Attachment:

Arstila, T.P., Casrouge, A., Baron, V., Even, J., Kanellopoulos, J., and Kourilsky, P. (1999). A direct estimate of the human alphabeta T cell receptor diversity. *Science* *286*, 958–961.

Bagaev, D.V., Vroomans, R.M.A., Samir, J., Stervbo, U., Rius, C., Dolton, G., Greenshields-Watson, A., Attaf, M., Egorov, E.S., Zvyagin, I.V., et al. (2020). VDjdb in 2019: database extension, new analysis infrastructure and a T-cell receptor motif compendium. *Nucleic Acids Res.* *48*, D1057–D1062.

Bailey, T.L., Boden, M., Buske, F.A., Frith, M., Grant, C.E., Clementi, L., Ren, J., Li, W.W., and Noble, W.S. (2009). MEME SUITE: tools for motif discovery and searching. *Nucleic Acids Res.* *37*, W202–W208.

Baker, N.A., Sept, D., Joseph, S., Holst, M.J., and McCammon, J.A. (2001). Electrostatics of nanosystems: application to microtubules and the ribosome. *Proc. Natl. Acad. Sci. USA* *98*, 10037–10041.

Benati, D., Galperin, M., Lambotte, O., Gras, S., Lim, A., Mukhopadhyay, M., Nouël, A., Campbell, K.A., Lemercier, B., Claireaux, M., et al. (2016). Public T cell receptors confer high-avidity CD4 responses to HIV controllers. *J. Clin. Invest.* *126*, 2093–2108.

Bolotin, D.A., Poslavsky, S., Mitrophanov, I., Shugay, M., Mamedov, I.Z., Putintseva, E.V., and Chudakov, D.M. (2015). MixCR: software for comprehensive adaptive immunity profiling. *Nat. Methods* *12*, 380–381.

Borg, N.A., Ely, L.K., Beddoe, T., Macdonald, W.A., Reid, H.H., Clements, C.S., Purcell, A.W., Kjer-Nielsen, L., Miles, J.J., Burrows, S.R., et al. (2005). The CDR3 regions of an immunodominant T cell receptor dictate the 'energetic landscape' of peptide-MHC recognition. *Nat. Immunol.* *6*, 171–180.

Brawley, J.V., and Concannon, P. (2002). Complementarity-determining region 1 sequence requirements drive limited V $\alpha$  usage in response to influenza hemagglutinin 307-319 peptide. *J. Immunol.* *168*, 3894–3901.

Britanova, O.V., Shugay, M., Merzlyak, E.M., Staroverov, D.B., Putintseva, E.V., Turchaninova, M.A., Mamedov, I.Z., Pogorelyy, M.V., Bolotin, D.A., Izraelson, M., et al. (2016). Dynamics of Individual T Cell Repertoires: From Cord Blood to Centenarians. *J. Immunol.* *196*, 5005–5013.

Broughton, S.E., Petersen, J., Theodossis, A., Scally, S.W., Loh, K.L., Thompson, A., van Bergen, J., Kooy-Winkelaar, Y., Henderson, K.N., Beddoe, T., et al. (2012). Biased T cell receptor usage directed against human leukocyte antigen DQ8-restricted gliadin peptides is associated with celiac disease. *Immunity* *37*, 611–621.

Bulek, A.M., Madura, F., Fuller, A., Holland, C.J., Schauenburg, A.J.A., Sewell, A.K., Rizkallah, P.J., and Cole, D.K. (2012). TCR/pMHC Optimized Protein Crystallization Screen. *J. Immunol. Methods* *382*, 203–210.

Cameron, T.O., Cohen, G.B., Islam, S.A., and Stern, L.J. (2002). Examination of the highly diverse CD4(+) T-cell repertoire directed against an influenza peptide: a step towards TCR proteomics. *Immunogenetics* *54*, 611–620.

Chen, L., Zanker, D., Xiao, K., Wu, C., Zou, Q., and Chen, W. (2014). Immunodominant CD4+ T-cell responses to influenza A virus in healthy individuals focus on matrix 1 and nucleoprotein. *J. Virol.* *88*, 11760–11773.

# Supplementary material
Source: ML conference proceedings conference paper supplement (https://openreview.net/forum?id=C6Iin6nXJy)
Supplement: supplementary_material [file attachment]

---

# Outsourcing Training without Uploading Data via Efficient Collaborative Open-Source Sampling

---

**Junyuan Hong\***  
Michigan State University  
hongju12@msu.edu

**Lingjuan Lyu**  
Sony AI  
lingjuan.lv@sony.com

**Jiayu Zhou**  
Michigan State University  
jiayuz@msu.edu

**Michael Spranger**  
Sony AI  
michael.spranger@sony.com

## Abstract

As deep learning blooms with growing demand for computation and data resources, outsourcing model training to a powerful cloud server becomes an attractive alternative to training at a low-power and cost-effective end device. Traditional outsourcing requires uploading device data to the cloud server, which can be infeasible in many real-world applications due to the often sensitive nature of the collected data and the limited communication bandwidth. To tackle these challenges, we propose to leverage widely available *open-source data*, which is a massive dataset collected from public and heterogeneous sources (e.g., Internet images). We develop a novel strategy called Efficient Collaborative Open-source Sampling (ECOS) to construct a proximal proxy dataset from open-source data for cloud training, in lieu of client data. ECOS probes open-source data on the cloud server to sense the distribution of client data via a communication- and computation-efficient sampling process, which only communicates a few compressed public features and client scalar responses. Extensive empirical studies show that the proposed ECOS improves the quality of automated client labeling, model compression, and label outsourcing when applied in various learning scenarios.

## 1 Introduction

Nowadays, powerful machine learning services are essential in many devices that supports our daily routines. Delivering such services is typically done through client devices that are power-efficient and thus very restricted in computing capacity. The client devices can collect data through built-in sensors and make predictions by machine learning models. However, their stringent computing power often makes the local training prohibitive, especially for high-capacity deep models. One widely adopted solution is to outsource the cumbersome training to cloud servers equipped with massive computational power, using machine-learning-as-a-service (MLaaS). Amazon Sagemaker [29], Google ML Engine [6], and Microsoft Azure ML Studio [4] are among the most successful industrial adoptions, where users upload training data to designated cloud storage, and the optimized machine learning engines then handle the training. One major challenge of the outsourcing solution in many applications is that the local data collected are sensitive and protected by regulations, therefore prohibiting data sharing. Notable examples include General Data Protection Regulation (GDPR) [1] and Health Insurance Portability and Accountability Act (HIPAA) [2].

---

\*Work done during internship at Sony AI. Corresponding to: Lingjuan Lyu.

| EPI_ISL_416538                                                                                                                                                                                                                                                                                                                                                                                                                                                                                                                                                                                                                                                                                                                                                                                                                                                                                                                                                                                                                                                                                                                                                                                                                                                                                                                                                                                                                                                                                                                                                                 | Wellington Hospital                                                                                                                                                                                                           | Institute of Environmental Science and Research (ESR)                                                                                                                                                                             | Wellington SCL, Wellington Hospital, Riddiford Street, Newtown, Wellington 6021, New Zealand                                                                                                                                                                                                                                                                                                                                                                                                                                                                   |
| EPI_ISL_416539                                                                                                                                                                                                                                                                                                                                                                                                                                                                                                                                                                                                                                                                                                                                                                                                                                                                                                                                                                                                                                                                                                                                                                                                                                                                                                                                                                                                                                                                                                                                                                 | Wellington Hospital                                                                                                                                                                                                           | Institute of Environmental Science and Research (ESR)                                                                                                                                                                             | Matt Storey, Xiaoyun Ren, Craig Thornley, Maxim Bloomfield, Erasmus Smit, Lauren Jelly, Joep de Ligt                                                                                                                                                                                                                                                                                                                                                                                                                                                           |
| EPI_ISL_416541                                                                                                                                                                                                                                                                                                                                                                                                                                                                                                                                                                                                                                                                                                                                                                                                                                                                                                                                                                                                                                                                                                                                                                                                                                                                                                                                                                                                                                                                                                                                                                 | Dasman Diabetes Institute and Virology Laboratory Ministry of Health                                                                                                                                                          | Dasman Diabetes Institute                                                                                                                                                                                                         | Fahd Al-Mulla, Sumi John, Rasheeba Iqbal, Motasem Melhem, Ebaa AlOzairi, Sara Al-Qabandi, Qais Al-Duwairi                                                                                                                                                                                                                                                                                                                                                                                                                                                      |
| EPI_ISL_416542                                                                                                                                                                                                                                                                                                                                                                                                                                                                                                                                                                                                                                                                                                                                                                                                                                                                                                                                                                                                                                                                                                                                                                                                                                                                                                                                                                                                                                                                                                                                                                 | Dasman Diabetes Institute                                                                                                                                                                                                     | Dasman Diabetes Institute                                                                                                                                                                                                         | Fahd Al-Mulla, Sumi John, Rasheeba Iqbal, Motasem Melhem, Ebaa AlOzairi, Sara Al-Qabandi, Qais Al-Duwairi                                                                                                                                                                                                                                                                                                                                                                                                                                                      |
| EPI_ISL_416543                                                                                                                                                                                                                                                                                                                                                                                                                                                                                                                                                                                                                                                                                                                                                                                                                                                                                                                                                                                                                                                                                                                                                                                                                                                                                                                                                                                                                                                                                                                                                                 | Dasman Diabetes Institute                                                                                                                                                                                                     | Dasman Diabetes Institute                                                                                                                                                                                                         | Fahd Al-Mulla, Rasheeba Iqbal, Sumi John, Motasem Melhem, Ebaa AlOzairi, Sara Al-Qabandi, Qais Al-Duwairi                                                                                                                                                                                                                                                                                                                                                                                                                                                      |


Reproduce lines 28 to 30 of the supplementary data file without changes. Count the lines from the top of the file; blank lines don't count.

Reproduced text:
jiayuz@msu.edu

**Michael Spranger**  
Sony AI  